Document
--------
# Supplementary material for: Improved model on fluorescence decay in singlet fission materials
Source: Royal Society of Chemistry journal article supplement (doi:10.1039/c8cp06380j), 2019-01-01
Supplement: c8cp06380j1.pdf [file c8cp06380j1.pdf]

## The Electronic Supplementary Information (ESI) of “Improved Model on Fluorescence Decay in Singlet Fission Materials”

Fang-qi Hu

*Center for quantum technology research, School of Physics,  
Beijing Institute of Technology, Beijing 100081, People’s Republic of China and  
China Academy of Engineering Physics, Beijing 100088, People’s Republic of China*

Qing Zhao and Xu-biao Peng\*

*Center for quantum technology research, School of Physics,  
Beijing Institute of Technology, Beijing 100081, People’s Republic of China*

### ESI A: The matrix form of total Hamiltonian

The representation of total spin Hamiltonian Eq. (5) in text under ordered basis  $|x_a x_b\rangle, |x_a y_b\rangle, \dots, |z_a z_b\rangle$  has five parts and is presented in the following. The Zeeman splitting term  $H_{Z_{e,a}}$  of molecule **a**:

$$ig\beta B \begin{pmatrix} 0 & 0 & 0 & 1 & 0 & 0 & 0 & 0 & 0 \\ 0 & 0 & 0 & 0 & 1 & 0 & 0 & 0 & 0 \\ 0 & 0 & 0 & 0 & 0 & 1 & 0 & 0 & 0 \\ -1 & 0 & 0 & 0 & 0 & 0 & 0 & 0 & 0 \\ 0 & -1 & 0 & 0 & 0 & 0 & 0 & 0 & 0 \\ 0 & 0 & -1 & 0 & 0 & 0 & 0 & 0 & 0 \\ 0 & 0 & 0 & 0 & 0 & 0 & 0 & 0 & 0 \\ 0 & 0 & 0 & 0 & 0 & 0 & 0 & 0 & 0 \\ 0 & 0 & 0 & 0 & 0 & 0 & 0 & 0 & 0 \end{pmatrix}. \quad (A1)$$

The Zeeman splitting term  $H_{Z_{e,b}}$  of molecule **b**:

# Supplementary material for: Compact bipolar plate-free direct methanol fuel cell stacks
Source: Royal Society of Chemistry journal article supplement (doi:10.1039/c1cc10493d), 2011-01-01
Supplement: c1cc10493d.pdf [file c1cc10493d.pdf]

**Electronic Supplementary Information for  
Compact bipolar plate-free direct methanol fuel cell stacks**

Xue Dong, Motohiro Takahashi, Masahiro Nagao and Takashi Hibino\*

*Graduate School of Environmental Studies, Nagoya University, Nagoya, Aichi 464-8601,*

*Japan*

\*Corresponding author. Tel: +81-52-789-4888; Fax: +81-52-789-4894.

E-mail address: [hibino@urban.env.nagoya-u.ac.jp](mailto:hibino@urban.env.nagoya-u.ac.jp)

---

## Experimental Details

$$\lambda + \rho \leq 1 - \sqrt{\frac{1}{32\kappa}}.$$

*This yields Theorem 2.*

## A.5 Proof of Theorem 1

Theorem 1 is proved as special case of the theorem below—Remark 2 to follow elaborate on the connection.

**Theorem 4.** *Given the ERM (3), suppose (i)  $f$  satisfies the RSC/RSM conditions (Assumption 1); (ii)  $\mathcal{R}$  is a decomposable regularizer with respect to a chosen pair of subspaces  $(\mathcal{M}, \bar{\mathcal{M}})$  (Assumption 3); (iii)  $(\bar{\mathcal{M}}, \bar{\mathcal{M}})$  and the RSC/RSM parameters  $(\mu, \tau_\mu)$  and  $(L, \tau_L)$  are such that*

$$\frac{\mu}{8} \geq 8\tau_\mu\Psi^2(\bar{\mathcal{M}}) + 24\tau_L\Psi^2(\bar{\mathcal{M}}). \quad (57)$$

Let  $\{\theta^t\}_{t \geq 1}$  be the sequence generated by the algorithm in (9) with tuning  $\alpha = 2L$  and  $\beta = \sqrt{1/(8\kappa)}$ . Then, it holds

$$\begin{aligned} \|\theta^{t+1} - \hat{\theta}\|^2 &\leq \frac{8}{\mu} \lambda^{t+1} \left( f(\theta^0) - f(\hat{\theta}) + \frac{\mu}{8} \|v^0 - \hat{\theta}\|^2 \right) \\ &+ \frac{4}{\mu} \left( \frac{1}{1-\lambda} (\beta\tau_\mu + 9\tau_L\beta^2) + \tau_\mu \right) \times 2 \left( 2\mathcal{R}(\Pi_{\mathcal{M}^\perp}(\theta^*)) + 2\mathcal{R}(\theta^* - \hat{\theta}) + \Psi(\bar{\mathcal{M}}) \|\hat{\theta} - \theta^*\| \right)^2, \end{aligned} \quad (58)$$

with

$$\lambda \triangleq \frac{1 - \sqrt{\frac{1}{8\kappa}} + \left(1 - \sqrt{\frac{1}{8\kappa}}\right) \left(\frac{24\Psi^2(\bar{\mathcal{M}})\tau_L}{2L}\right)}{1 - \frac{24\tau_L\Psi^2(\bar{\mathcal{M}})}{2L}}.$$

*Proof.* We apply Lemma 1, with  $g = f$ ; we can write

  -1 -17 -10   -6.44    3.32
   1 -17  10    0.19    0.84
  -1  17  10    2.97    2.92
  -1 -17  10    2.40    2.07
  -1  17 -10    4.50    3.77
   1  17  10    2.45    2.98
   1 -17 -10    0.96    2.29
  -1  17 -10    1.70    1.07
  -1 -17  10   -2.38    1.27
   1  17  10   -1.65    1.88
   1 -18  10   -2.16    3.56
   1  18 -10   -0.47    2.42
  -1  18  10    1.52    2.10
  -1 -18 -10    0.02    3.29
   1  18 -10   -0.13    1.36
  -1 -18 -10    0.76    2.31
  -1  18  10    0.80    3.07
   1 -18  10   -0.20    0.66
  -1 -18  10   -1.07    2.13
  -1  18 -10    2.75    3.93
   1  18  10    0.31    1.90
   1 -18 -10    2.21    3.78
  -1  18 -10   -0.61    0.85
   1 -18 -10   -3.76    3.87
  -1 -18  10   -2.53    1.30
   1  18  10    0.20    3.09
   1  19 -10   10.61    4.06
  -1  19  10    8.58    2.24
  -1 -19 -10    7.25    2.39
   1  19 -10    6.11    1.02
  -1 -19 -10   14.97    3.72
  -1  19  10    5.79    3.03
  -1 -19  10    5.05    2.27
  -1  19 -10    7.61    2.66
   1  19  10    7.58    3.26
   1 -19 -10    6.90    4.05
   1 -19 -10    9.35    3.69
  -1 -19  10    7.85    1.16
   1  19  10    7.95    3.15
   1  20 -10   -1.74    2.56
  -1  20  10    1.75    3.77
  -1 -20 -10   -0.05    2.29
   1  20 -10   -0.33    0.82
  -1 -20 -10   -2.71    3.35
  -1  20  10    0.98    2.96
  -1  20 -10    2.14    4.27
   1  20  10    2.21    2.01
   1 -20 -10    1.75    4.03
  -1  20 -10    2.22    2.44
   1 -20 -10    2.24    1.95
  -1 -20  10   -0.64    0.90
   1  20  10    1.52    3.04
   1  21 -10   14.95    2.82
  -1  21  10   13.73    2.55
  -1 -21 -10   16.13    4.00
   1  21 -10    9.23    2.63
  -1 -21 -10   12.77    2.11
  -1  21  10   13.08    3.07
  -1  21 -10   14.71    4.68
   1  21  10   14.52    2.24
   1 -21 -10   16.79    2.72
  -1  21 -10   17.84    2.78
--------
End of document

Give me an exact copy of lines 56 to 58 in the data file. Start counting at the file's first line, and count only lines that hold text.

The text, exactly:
   1 -18  10   -0.20    0.66
  -1 -18  10   -1.07    2.13
  -1  18 -10    2.75    3.93